Thursday, July 2, 2009

Living Allowance Survey


As a Peace Corps volunteer in Samoa, our host agency provides us with a place to live and covers the cost of our electricity (up to about $60 tala a month in electricity). Peace Corps provides us with a monthly living allowance. The allowance is calculated on a number of factors that mainly center around a market basket survey. In the past Peace Corps staff have gone to grocery stores with a list of typical goods and checked the prices. Hypothetically, if the prices go up, so should our living allowance. The market basket is also used for our yearly living allowance survey. Volunteers are supposed to keep a record of their purchases for a month. This information is also used to determine our living allowance.

The idea behind the items on the survey is for volunteers to live as close to local standards as possible. However, complaints usually arose around the old survey that it seemed to assume that we were eating papaya and taro just about all our meals. Also most Samoans have family plantations from which they get a steady stream of taro, breadfruit, coconut, etc. We usually have no such resource.

Recently, our country director and the president of VAC (volunteer advisory committee) got together to develop a new survey that included a more realistic list of foods we eat, a more healthy balance of foods and include new communications costs, such as cell phones and landline internet accounts.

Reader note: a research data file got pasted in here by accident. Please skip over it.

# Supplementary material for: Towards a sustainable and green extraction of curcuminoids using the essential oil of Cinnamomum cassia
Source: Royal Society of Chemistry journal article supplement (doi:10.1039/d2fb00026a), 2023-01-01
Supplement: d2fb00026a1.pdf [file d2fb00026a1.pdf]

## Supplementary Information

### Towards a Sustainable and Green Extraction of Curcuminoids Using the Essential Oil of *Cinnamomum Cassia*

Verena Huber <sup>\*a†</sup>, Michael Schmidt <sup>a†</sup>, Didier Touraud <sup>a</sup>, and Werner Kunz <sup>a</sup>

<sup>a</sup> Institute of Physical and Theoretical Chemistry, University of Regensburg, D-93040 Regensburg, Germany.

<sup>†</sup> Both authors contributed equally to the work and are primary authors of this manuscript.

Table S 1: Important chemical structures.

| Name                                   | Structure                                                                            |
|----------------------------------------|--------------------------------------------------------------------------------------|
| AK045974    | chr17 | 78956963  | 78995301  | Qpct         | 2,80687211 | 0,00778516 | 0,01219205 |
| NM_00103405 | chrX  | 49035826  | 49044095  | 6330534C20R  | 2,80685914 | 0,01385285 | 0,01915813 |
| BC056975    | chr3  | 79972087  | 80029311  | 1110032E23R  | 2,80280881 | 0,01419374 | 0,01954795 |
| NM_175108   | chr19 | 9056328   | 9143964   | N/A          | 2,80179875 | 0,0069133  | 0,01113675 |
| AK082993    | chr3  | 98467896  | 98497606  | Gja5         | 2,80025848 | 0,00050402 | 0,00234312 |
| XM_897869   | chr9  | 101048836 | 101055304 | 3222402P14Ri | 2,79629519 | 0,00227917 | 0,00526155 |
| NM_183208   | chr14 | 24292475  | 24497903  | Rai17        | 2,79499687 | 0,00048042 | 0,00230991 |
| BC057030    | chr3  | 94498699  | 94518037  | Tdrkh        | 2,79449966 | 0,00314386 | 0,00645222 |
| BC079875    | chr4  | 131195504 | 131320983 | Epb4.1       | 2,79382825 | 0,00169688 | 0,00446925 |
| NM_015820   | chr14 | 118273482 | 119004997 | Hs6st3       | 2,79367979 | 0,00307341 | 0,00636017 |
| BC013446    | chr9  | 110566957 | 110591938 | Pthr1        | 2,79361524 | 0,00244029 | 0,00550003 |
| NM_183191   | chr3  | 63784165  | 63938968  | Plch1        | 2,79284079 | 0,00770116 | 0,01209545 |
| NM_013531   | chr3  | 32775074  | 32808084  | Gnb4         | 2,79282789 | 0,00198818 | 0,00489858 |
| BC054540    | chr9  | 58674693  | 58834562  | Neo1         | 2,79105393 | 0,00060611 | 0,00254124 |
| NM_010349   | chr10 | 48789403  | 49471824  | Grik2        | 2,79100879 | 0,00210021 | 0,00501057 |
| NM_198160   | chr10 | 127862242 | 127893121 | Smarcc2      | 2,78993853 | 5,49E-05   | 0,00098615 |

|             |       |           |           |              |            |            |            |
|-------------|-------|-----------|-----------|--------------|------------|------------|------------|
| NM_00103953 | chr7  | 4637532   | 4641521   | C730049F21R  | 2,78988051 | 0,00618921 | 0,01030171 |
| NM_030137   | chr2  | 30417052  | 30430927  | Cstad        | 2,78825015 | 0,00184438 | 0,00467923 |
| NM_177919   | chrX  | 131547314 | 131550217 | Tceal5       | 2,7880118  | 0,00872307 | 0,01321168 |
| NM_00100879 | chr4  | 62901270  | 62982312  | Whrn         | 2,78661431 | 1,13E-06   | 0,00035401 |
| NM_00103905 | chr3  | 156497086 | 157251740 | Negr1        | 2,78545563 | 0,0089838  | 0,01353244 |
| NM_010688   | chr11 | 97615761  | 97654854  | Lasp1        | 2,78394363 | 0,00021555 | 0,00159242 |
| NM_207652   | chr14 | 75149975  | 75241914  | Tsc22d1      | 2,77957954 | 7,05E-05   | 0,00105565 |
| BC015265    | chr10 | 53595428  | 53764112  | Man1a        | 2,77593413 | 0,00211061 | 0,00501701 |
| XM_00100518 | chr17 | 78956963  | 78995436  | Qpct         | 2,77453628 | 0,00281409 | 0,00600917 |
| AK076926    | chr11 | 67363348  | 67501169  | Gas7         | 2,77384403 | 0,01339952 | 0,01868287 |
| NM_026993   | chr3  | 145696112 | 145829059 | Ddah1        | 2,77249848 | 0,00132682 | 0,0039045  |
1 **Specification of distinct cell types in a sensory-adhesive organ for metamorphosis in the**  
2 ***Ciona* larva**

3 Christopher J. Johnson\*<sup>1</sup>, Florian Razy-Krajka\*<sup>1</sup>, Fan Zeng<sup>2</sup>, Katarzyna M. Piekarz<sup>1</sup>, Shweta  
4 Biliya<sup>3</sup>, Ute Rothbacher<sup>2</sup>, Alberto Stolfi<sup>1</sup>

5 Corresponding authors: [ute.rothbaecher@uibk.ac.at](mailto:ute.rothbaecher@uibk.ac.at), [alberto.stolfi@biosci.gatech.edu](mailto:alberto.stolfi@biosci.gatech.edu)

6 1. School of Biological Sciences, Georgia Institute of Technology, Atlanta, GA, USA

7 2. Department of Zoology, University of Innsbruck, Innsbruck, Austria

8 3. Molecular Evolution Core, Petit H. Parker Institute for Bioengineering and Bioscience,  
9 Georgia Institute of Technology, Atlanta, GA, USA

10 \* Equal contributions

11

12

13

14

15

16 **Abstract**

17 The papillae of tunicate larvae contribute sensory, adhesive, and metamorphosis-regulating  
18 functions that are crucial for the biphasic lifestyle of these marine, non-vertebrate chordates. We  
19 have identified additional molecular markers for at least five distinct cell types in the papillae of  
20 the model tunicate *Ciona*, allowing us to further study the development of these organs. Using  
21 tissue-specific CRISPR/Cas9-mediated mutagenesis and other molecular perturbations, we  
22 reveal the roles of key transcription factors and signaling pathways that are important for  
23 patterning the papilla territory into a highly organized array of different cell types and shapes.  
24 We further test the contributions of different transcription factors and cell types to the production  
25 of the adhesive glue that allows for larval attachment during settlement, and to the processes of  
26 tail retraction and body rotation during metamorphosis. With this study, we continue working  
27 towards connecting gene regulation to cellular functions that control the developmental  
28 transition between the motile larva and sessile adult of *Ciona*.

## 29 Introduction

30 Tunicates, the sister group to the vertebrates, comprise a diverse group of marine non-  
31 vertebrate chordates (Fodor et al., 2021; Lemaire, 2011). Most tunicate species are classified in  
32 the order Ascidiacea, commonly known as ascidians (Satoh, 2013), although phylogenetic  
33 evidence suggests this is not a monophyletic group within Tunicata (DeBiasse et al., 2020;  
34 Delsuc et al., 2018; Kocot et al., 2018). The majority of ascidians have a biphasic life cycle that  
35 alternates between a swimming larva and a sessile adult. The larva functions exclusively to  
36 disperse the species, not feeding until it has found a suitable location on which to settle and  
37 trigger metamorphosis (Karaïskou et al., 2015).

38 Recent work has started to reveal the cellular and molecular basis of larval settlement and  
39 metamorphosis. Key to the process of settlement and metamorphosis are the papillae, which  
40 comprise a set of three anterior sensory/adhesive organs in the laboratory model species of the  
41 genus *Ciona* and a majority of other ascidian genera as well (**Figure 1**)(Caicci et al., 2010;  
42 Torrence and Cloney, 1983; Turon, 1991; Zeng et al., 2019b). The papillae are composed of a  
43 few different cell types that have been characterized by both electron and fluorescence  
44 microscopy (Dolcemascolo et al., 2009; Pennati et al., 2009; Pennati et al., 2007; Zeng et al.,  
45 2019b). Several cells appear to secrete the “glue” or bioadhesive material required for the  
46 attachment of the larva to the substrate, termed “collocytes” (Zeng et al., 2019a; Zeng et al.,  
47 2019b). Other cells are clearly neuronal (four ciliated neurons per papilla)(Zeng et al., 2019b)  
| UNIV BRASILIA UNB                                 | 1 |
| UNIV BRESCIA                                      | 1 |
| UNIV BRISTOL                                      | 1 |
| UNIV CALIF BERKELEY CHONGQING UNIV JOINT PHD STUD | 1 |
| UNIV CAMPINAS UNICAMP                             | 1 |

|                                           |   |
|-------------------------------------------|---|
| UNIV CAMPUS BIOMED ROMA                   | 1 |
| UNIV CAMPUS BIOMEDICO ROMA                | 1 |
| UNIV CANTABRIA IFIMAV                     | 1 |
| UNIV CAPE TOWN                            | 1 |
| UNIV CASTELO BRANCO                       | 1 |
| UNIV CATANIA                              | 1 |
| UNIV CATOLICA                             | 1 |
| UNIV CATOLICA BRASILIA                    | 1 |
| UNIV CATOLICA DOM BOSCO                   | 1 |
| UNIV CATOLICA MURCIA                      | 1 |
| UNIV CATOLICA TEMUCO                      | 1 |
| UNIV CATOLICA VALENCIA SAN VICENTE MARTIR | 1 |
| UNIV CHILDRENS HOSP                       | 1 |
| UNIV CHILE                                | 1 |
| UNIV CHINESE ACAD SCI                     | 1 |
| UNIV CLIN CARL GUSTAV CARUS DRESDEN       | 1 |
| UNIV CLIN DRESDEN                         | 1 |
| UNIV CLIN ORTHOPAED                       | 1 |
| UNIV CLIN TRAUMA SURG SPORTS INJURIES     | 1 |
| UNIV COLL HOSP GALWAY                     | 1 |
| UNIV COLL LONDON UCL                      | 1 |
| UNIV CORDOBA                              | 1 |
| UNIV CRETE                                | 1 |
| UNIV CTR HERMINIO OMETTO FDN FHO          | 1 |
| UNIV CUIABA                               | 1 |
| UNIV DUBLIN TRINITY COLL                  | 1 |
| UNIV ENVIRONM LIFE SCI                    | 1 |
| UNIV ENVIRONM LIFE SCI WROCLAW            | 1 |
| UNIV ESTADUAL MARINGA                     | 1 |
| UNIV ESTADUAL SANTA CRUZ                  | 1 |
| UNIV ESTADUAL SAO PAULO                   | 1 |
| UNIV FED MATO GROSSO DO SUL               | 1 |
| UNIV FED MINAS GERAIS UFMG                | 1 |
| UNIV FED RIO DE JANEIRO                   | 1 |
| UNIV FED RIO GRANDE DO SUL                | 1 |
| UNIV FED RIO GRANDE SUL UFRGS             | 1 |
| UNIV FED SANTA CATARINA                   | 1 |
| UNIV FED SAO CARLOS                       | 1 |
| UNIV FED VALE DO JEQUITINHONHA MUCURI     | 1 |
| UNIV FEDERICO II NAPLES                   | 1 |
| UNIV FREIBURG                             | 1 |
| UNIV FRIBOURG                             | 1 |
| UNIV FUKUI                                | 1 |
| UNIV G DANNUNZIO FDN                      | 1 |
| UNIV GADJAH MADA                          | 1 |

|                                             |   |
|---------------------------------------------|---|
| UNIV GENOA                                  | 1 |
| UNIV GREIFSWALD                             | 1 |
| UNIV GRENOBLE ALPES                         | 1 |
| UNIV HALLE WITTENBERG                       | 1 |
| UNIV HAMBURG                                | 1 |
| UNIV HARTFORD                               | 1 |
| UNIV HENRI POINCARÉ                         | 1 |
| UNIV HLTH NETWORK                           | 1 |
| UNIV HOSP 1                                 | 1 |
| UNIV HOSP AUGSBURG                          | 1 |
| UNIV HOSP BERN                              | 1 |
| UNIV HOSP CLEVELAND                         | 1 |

Obviously, no list was going to cover the shopping habits of 40 different people living in 40 different situations on two different islands. But it was a definite improvement.

We are all supposed to be filling out our survey for this past month and turning it in soon. Here is the list of foods on the living allowance survey we received in our email (which does not include all the items on the new market basket developed):
  • Bread
  • Rice
  • Eggs
  • Chicken
  • Milk
  • Ground beef
  • Fruits
  • Vegetables
  • Nuts and candies
  • Misc
What I am trying to figure out is where does my salami fit on this list? Is salami a chicken or a ground beef? I suppose the camembert can go in milk. Can I call capers a vegetable? What do you suppose you do when all the things you buy in a month are miscellaneous (ie pasta, cheese, fish, etc).

Cale and I love food and we spend a significant portion (read: just about all) of our monthly allowance on delicious foods. Granted, it is slightly easier for us. When there are two people living together, you have two living allowances. Of course, when there are two people living together, you also have two mouths. So maybe that jar of olives is more economically feasible because it only $6 tala per person when there are two of you instead of the $12 for a single person. On the other hand, two people can power through one jar of olives in a hurry.

The picture of our pretentious meal above is in no way typical. We are definitely not eating like that all the time. That day happened to be our wedding anniversary. Today for lunch we had tuna salad and crackers (well...we also had a little cheese, olive, tomato and basil with crackers, but Cale grew the tomatoes and basil and it was a very little olive). For dinner we had chili five-ways. What is the benefit of being two people you ask? For the fifth way we amortize half a $7 container of sour cream over all that cheese onion chili and noodles.(Note: Cale is helping with this blog entry. Sara doesn't typically use words she doesn't know, like amortize or onion.)

— Sara

1 comment:

Teresa said...

I know what amortize means!